Fiction – paperback; Simon & Schuster; 304 pages; 2009. Review copy courtesy of the publisher.
A good, thoroughly believable crime thriller doesn’t come much better than this. In Burial, Neil Cross has delivered one of those realistically chilling reads that makes your skin break out in goosebumps.
Cross, who has a handful of novels to his name, including the 2004 Booker long-listed Always the Sun, knows how to create a rising sense of fear and paranoia. Not surprising, then, that he’s been lead scriptwriter on the BBC spy-drama series Spooks for the past two series.
In this novel, Cross tells what appears to be a perfectly ordinary story that goes off on a dark and disturbing tangent.
It’s about Nathan, a young man, who attends a Christmas party, hosted by his boss, a late-night radio DJ, that turns out to be the worst night of his life. High on cocaine and booze, Nathan and his friend Bob momentarily leave the party with an attractive girl called Elise. In a car parked in the nearby woods they take turns having sex with her. But things go horribly wrong and Elise dies. The pair hatch a plan to bury the body and return to the party as if nothing has happened.
When Elise is reported missing by her family the next day, a police investigation ensues. Suspicion is cast on the DJ but no-one is charged with the crime — and no body is ever found. Nathan and Bob seem to have got away with it, although their relationship is fractured and they make a deal never to see each other again.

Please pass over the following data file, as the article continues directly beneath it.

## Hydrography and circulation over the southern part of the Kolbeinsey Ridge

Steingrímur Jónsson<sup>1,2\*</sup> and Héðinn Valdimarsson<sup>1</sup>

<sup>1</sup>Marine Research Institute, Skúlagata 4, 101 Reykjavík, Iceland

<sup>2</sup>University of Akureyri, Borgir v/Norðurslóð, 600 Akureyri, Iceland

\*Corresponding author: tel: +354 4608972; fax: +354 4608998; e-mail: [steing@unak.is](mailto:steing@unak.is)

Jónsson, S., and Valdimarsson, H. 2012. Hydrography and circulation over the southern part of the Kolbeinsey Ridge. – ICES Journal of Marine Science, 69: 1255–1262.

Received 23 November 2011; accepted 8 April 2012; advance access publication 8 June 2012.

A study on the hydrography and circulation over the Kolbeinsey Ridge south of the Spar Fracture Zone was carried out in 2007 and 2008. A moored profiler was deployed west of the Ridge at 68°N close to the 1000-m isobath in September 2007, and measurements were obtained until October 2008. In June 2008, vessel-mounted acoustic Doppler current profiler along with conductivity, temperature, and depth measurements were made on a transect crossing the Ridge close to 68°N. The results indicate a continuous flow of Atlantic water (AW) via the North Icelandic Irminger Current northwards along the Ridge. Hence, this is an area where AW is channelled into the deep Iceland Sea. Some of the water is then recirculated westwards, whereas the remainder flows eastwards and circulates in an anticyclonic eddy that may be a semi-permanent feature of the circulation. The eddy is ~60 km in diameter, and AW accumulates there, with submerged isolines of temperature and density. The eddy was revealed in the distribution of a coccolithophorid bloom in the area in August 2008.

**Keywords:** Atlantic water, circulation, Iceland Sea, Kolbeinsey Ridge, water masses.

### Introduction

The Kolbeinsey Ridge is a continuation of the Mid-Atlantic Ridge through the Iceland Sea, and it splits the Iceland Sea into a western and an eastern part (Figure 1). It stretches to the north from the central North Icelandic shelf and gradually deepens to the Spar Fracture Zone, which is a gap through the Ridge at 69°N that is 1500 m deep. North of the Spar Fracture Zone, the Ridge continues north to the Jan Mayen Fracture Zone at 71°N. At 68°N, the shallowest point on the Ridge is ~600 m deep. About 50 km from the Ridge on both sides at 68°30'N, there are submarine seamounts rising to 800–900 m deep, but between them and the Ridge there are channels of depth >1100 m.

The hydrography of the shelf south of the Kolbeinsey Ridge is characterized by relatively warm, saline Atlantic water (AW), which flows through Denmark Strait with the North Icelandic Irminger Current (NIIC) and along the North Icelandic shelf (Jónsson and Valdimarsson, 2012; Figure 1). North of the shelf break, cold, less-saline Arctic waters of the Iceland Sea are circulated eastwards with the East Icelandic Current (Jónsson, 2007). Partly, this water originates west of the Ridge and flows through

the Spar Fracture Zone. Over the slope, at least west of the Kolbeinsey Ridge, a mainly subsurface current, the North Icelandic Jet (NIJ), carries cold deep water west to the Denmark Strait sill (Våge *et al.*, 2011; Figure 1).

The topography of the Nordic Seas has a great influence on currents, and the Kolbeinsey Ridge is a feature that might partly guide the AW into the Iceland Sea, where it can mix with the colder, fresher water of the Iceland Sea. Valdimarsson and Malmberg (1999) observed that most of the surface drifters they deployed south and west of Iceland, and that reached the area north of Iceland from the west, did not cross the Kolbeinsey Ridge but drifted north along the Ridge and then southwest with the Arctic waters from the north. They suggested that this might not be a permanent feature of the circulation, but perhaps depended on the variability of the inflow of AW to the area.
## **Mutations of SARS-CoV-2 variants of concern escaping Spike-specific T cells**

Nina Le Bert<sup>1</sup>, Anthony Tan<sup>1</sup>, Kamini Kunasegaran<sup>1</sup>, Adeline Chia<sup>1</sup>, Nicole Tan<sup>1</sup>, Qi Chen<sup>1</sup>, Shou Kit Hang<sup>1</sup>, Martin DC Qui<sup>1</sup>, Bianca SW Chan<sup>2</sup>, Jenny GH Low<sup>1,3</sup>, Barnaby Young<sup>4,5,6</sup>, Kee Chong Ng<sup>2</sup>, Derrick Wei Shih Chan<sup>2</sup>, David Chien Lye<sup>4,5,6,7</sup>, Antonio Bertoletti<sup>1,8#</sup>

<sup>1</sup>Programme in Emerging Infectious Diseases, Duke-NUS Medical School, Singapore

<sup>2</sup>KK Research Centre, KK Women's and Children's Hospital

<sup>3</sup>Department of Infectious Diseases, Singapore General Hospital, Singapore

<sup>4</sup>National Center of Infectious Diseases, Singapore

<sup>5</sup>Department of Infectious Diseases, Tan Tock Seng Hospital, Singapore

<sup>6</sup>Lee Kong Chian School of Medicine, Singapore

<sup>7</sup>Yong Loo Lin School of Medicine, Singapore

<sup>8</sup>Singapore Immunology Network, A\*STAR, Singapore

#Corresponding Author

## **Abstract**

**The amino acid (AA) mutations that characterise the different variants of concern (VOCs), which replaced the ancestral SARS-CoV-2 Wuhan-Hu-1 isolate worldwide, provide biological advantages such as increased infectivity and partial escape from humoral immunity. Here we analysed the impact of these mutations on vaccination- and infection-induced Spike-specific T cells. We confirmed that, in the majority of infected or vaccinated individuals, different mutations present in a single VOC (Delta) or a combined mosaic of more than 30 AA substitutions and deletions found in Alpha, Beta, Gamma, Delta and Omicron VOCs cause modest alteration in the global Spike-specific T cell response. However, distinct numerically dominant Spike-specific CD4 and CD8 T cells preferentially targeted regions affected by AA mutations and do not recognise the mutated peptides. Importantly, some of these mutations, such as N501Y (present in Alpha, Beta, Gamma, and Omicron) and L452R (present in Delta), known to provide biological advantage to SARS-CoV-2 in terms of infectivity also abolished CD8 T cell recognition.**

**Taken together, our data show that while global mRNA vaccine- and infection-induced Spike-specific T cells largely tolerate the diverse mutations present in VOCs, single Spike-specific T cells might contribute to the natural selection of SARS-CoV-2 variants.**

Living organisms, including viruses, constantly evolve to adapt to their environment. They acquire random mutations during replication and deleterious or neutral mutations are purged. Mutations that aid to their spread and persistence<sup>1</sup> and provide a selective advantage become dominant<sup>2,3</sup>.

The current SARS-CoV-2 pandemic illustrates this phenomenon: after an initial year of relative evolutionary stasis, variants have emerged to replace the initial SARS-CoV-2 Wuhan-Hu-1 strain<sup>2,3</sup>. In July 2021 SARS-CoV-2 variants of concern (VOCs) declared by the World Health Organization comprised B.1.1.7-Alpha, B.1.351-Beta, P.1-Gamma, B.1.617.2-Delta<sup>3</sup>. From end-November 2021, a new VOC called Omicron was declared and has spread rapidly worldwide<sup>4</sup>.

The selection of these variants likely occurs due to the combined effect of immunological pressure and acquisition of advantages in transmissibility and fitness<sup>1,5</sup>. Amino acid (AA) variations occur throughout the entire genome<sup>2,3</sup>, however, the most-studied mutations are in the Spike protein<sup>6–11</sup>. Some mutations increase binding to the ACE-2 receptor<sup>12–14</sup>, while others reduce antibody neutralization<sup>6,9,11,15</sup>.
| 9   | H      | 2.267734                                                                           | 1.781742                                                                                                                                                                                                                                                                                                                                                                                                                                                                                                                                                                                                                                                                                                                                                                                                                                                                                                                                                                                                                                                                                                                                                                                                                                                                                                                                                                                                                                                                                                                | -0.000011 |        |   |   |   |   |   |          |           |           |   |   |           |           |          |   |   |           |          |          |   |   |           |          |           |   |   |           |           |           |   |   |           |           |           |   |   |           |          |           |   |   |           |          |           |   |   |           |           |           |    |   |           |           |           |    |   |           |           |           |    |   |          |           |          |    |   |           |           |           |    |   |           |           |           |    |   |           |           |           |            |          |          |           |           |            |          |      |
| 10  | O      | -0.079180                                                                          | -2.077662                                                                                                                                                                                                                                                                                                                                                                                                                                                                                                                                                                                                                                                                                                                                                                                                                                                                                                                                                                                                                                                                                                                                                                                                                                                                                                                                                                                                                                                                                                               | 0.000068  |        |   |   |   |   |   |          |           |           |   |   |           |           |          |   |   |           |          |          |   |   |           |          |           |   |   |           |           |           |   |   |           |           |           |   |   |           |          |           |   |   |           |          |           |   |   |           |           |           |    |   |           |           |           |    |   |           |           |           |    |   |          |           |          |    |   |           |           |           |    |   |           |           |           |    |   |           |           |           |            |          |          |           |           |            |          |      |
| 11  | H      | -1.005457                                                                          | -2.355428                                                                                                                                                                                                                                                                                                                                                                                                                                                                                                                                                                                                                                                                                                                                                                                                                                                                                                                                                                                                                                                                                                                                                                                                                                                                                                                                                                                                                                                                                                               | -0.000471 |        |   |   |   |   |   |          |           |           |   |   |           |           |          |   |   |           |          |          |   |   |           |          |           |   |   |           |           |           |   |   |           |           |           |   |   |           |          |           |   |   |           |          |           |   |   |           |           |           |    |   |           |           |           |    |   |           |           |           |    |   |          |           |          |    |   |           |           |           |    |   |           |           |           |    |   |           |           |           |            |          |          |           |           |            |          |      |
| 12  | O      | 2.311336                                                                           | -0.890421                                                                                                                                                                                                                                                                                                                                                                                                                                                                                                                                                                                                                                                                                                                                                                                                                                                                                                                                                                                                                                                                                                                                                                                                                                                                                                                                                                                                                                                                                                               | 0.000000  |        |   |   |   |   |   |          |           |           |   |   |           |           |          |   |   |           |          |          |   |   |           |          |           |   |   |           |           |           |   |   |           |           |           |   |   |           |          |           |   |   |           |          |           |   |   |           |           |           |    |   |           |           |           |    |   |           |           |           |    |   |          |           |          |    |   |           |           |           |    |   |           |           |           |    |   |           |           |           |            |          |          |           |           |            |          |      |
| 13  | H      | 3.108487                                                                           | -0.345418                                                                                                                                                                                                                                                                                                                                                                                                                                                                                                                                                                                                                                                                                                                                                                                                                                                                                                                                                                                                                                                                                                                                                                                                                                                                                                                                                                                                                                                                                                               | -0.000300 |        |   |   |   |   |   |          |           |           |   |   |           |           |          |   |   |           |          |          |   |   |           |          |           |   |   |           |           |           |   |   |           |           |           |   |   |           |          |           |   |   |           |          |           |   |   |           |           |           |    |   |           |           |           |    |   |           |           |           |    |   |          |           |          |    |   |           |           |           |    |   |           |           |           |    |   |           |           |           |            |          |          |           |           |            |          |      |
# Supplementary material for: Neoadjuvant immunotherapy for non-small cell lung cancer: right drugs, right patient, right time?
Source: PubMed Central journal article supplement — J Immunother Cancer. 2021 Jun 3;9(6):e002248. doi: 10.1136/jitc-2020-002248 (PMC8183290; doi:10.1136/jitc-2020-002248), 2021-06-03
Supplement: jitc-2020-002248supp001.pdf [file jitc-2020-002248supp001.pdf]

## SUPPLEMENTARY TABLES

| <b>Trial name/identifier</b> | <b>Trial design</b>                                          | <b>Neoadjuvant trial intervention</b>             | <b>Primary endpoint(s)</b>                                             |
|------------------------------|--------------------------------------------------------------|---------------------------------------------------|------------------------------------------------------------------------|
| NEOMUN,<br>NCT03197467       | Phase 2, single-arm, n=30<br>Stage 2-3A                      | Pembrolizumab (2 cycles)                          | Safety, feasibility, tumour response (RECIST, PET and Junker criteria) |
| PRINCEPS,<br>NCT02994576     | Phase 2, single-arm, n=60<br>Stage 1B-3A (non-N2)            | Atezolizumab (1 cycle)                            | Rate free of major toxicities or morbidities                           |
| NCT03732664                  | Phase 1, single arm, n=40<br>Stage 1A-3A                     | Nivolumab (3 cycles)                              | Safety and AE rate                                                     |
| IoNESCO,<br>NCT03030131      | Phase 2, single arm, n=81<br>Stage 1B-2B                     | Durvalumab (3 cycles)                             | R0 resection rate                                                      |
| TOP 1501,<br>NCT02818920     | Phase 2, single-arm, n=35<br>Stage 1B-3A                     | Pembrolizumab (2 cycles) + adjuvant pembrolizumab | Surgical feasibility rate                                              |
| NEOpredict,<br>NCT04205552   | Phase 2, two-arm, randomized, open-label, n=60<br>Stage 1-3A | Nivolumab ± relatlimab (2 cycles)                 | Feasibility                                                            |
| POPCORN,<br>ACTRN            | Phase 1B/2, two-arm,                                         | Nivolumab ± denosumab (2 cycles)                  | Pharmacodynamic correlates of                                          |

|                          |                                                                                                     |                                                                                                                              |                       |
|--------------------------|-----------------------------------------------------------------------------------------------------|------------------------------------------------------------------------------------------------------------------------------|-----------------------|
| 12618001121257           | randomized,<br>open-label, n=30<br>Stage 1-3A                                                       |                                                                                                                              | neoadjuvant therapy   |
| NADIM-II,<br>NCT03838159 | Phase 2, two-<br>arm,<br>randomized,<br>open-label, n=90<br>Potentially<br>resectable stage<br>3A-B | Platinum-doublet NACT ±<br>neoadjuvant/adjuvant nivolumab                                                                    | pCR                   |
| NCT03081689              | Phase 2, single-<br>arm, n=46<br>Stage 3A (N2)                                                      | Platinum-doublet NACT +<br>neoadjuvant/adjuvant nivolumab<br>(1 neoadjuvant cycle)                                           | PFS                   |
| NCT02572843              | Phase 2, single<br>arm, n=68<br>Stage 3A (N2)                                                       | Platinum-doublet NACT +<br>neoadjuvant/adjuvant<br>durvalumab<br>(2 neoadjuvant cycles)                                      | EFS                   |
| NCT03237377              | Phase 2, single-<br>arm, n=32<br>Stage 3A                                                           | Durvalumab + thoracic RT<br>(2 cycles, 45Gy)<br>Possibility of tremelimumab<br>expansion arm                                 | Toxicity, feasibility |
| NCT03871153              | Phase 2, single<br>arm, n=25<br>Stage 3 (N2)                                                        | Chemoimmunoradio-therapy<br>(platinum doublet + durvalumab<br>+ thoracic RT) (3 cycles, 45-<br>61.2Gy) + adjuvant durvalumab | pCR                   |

Fast forward 15 years and one night there’s a knock on Nathan’s door. It’s Bob with some bad news: developers are about to dig up the woods where they buried the body in order to build a housing estate. Their carefully constructed lives are about to be torn asunder…
The cover-up of a dastardly crime by two men who should know better might sound like a relatively straight forward plot, but there’s a few additional complications which would spoil the story if I were to reveal them here. But what I can say is that the character of Nathan is brilliantly realised. He’s a man with a guilty secret plagued by a conscience that won’t let up. His remorse is so great that he becomes afraid of the dark and has to cover the bathroom mirror for fear he might catch a glimpse of Elise’s ghost staring back at him. You get the very real impression that he’s sorry for what he did, but not sorry enough to come clean to the authorities.
My only quibble is that the book does tend to read a little like a screenplay. There’s a lot of telling and not much show, but who cares when you get to experience such a beautifully realised story arc? From its slightly slow beginning through to its meaty middle and perfectly satisfactory ending, Burial is a masterpiece of storytelling in the heart-hammering, sweaty palms vein. I very much enjoyed it — and if it’s ever turned into a TV drama I’ll be the first to sit down and watch it! If you’re looking for a fast-paced, chilling read then definitely add this one to your list.